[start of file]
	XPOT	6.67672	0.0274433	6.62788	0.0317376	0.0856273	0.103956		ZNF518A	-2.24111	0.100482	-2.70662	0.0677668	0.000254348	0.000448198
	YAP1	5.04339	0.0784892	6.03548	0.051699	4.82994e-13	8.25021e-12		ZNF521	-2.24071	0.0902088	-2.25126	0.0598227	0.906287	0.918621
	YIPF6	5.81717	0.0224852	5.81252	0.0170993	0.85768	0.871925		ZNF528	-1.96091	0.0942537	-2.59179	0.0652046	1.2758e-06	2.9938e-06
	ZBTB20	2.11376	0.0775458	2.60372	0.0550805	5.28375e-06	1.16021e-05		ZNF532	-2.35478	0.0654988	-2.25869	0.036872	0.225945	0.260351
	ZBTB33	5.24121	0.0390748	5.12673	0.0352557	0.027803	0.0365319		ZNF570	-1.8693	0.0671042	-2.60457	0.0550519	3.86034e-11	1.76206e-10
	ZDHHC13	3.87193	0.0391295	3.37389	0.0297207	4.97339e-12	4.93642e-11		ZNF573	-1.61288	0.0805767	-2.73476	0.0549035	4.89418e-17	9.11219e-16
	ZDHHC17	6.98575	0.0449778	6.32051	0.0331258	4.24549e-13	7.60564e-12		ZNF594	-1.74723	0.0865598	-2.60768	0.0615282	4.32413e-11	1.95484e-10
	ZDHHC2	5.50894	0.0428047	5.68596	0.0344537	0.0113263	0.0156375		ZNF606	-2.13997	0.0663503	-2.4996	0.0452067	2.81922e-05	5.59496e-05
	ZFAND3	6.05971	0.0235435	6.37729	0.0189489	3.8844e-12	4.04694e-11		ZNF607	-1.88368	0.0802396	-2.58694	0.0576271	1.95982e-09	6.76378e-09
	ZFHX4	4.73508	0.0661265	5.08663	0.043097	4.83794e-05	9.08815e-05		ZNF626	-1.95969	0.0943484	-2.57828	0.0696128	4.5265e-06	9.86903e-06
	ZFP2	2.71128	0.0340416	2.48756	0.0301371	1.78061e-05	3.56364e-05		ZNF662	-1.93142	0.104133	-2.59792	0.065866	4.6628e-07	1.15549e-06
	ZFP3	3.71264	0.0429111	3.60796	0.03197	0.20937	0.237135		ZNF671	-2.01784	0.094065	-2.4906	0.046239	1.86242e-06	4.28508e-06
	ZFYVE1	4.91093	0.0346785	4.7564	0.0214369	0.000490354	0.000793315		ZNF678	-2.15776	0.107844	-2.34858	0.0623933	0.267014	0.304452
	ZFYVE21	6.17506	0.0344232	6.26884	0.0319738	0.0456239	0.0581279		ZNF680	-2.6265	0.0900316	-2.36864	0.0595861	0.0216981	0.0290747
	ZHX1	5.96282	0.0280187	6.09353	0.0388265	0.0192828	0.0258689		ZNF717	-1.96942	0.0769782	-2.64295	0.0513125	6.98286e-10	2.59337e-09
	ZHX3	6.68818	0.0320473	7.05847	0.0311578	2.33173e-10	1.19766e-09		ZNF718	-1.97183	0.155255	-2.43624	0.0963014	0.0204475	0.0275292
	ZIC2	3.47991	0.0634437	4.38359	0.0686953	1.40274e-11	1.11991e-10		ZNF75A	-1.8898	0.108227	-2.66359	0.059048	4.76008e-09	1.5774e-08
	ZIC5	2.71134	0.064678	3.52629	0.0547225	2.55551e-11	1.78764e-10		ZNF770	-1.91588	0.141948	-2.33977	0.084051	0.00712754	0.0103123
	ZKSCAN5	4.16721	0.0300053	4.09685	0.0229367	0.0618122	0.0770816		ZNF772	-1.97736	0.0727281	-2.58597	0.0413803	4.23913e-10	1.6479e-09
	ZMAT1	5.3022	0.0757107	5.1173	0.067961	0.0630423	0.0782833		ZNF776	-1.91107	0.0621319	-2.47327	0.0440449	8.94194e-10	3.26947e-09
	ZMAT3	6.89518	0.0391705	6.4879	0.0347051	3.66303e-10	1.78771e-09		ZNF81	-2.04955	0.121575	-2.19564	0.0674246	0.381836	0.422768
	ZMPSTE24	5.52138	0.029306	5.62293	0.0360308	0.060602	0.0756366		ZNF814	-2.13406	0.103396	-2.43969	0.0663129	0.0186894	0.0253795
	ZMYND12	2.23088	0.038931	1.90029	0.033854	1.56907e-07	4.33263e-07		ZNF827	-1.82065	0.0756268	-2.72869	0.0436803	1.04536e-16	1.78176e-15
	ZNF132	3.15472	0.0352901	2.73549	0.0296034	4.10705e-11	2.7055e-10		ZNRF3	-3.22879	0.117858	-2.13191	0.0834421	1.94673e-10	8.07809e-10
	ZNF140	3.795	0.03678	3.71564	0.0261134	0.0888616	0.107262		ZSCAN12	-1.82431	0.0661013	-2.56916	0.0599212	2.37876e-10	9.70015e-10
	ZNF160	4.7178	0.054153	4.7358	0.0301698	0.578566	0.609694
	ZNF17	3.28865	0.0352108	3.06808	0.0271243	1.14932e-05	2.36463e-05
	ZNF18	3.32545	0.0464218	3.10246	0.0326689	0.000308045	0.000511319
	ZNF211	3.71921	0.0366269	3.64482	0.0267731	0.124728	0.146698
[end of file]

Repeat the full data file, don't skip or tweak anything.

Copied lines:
	XPOT	6.67672	0.0274433	6.62788	0.0317376	0.0856273	0.103956		ZNF518A	-2.24111	0.100482	-2.70662	0.0677668	0.000254348	0.000448198
	YAP1	5.04339	0.0784892	6.03548	0.051699	4.82994e-13	8.25021e-12		ZNF521	-2.24071	0.0902088	-2.25126	0.0598227	0.906287	0.918621
	YIPF6	5.81717	0.0224852	5.81252	0.0170993	0.85768	0.871925		ZNF528	-1.96091	0.0942537	-2.59179	0.0652046	1.2758e-06	2.9938e-06
	ZBTB20	2.11376	0.0775458	2.60372	0.0550805	5.28375e-06	1.16021e-05		ZNF532	-2.35478	0.0654988	-2.25869	0.036872	0.225945	0.260351
	ZBTB33	5.24121	0.0390748	5.12673	0.0352557	0.027803	0.0365319		ZNF570	-1.8693	0.0671042	-2.60457	0.0550519	3.86034e-11	1.76206e-10
	ZDHHC13	3.87193	0.0391295	3.37389	0.0297207	4.97339e-12	4.93642e-11		ZNF573	-1.61288	0.0805767	-2.73476	0.0549035	4.89418e-17	9.11219e-16
	ZDHHC17	6.98575	0.0449778	6.32051	0.0331258	4.24549e-13	7.60564e-12		ZNF594	-1.74723	0.0865598	-2.60768	0.0615282	4.32413e-11	1.95484e-10
	ZDHHC2	5.50894	0.0428047	5.68596	0.0344537	0.0113263	0.0156375		ZNF606	-2.13997	0.0663503	-2.4996	0.0452067	2.81922e-05	5.59496e-05
	ZFAND3	6.05971	0.0235435	6.37729	0.0189489	3.8844e-12	4.04694e-11		ZNF607	-1.88368	0.0802396	-2.58694	0.0576271	1.95982e-09	6.76378e-09
	ZFHX4	4.73508	0.0661265	5.08663	0.043097	4.83794e-05	9.08815e-05		ZNF626	-1.95969	0.0943484	-2.57828	0.0696128	4.5265e-06	9.86903e-06
	ZFP2	2.71128	0.0340416	2.48756	0.0301371	1.78061e-05	3.56364e-05		ZNF662	-1.93142	0.104133	-2.59792	0.065866	4.6628e-07	1.15549e-06
	ZFP3	3.71264	0.0429111	3.60796	0.03197	0.20937	0.237135		ZNF671	-2.01784	0.094065	-2.4906	0.046239	1.86242e-06	4.28508e-06
	ZFYVE1	4.91093	0.0346785	4.7564	0.0214369	0.000490354	0.000793315		ZNF678	-2.15776	0.107844	-2.34858	0.0623933	0.267014	0.304452
	ZFYVE21	6.17506	0.0344232	6.26884	0.0319738	0.0456239	0.0581279		ZNF680	-2.6265	0.0900316	-2.36864	0.0595861	0.0216981	0.0290747
	ZHX1	5.96282	0.0280187	6.09353	0.0388265	0.0192828	0.0258689		ZNF717	-1.96942	0.0769782	-2.64295	0.0513125	6.98286e-10	2.59337e-09
	ZHX3	6.68818	0.0320473	7.05847	0.0311578	2.33173e-10	1.19766e-09		ZNF718	-1.97183	0.155255	-2.43624	0.0963014	0.0204475	0.0275292
	ZIC2	3.47991	0.0634437	4.38359	0.0686953	1.40274e-11	1.11991e-10		ZNF75A	-1.8898	0.108227	-2.66359	0.059048	4.76008e-09	1.5774e-08
	ZIC5	2.71134	0.064678	3.52629	0.0547225	2.55551e-11	1.78764e-10		ZNF770	-1.91588	0.141948	-2.33977	0.084051	0.00712754	0.0103123
	ZKSCAN5	4.16721	0.0300053	4.09685	0.0229367	0.0618122	0.0770816		ZNF772	-1.97736	0.0727281	-2.58597	0.0413803	4.23913e-10	1.6479e-09
	ZMAT1	5.3022	0.0757107	5.1173	0.067961	0.0630423	0.0782833		ZNF776	-1.91107	0.0621319	-2.47327	0.0440449	8.94194e-10	3.26947e-09
	ZMAT3	6.89518	0.0391705	6.4879	0.0347051	3.66303e-10	1.78771e-09		ZNF81	-2.04955	0.121575	-2.19564	0.0674246	0.381836	0.422768
	ZMPSTE24	5.52138	0.029306	5.62293	0.0360308	0.060602	0.0756366		ZNF814	-2.13406	0.103396	-2.43969	0.0663129	0.0186894	0.0253795
	ZMYND12	2.23088	0.038931	1.90029	0.033854	1.56907e-07	4.33263e-07		ZNF827	-1.82065	0.0756268	-2.72869	0.0436803	1.04536e-16	1.78176e-15
	ZNF132	3.15472	0.0352901	2.73549	0.0296034	4.10705e-11	2.7055e-10		ZNRF3	-3.22879	0.117858	-2.13191	0.0834421	1.94673e-10	8.07809e-10
	ZNF140	3.795	0.03678	3.71564	0.0261134	0.0888616	0.107262		ZSCAN12	-1.82431	0.0661013	-2.56916	0.0599212	2.37876e-10	9.70015e-10
	ZNF160	4.7178	0.054153	4.7358	0.0301698	0.578566	0.609694
	ZNF17	3.28865	0.0352108	3.06808	0.0271243	1.14932e-05	2.36463e-05
	ZNF18	3.32545	0.0464218	3.10246	0.0326689	0.000308045	0.000511319
	ZNF211	3.71921	0.0366269	3.64482	0.0267731	0.124728	0.146698